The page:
[Opening Academic Year] Sharing ideas to help shape a post-COVID worldPublished 31 August 2021
On these last days of August, I would like to extend my best wishes for the new academic year. I sincerely hope you had some time to slow down and managed to turn away from the ‘life of Zoom’ that characterised our last academic year.
In this new academic year, we are looking forward to gradually open-up for hybrid and in-person events and educational programs. In the past months, we have newly equipped our building and conference facilities for a safe return. We cannot wait to meet you, our colleagues, fellow-researchers, students, practitioners and policymakers in The Hague again.
When we reconnected our screens after the holidays, the monumental problems of our world were right in our face again. In the past weeks, we have witnessed the heart-breaking crisis in Afghanistan, where the overthrowing of the government by the Taliban challenges the international community to find responses that serve peace and justice for the Afghan people.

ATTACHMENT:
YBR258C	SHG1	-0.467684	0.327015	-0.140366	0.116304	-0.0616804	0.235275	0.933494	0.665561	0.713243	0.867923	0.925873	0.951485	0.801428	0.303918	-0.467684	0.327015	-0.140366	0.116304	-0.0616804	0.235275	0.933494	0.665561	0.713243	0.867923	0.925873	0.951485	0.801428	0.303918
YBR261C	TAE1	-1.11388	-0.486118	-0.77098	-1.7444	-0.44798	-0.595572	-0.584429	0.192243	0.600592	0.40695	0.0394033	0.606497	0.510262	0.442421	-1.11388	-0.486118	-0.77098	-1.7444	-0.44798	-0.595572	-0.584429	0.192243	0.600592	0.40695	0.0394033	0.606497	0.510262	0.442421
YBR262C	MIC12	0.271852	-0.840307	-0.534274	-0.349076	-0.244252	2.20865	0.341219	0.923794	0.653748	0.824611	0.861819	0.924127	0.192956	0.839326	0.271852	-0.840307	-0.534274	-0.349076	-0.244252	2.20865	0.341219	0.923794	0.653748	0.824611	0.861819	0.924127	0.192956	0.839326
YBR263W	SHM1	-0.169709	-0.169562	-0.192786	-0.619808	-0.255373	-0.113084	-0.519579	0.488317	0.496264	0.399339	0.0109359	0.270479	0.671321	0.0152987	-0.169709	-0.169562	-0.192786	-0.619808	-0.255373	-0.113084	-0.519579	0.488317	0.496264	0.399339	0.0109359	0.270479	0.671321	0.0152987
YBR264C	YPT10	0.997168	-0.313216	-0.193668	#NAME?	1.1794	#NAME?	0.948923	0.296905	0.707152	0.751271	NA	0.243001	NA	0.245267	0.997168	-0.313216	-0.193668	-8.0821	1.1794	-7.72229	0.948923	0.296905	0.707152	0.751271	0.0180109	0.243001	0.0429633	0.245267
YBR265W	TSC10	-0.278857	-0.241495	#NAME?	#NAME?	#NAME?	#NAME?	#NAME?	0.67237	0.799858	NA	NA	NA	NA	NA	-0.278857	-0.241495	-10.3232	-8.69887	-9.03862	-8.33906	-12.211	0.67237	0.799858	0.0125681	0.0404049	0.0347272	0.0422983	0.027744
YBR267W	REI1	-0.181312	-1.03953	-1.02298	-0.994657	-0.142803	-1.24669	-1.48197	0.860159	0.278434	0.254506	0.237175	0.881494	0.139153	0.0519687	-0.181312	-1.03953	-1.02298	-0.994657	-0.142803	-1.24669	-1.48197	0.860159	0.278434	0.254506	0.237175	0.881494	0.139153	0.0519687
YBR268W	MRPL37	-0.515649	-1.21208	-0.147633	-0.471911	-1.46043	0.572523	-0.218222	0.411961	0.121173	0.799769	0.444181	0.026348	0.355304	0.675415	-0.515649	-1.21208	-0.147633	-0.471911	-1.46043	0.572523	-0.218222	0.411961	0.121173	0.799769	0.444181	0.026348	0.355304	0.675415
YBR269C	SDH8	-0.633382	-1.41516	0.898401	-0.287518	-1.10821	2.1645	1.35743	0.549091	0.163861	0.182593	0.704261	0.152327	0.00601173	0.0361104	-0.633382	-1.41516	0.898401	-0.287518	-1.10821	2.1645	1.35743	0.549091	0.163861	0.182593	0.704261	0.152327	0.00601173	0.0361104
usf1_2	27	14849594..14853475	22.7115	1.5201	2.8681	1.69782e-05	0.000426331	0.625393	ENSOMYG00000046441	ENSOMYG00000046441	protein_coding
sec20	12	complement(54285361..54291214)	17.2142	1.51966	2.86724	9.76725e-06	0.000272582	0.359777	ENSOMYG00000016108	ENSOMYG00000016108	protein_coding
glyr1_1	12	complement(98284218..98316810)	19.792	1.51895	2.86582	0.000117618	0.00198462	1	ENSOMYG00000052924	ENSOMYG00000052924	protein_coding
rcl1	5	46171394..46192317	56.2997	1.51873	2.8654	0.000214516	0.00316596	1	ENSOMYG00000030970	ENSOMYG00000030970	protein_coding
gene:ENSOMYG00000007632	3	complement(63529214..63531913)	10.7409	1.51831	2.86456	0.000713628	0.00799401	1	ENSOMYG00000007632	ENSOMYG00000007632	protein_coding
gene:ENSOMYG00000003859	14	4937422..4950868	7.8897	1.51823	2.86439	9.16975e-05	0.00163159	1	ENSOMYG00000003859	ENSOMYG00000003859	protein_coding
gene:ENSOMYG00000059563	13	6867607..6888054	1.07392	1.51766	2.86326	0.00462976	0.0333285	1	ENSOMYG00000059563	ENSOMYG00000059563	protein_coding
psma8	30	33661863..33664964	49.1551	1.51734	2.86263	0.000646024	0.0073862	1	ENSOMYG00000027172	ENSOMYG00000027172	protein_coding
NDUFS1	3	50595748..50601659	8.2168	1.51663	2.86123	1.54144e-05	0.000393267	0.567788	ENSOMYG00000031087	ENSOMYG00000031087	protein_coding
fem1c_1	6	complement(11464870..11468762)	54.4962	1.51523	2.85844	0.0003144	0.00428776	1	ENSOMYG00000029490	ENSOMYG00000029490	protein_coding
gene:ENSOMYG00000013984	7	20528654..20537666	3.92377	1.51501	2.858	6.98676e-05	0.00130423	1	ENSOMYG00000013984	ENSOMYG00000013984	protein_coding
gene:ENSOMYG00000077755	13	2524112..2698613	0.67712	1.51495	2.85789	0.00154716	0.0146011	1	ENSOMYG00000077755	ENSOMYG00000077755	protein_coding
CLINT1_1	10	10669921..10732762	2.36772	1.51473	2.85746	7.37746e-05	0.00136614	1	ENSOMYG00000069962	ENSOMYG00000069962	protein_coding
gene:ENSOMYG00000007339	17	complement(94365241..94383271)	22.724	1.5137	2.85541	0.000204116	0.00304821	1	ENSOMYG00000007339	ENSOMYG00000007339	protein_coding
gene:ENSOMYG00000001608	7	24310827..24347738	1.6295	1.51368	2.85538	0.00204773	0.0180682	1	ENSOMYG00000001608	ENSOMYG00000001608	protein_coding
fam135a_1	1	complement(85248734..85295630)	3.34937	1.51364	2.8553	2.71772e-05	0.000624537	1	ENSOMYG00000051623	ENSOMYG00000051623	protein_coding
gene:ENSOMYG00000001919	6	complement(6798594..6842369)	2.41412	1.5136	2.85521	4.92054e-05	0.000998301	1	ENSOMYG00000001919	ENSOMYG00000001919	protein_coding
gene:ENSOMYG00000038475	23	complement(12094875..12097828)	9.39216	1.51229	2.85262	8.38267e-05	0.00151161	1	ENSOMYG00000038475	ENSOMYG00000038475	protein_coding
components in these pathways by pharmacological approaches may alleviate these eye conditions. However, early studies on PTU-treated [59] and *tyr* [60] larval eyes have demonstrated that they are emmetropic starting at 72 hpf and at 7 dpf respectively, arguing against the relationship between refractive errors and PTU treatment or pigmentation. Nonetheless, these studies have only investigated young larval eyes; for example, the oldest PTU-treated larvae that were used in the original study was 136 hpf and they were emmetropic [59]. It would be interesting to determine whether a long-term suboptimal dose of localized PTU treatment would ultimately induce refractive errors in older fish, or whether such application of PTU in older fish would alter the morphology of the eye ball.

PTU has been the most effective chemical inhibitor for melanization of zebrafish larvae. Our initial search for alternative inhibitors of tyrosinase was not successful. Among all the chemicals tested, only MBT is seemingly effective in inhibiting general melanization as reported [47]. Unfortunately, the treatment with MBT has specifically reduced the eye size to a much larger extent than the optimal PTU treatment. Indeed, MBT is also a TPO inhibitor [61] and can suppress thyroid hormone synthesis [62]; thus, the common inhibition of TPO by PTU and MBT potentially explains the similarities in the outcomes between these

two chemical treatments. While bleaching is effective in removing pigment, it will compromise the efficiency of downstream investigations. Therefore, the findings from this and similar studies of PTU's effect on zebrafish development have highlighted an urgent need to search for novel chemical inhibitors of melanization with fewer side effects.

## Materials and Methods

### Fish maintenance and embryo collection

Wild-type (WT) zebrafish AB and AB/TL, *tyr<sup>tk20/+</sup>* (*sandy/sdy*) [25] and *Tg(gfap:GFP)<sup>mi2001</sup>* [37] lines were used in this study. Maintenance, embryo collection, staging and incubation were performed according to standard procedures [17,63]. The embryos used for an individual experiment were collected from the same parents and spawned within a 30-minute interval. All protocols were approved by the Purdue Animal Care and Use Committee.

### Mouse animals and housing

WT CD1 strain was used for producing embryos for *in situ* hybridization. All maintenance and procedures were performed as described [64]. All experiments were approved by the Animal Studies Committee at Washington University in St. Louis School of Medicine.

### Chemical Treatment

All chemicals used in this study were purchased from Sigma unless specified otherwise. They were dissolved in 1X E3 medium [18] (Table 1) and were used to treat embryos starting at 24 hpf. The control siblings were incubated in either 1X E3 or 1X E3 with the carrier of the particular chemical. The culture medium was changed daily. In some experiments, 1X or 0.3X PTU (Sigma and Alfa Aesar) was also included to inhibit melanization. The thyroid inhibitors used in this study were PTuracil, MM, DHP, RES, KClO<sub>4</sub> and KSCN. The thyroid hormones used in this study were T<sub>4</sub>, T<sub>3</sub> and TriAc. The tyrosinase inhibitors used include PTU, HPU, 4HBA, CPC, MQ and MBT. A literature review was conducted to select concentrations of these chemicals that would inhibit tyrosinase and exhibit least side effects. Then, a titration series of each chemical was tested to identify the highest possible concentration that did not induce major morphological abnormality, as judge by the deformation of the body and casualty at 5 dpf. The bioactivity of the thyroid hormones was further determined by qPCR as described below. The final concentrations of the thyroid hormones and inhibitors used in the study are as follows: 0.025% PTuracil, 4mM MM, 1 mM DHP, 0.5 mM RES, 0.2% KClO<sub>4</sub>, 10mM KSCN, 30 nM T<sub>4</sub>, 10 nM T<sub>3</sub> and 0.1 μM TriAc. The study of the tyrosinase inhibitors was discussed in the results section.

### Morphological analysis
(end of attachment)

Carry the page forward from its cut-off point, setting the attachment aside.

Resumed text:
And amidst a summer of extremes, with floods, heat and fires, the IPPC published its existentially alarming report, which shows that climate change is widespread, rapid and intensifying. Unless we immediately manage a serious and large-scale reduction of greenhouse gas emissions, limiting global warming to 1.5°C or even 2°C, will be beyond reach. A recent proposal to include ecocide as an international crime in the Rome Statute - alongside crimes against humanity, war crimes, acts of aggression and genocide - has thankfully focused the debate; we would be delighted to receive your input in our open call for papers on ecocide and domestic and international law.
Making the world more just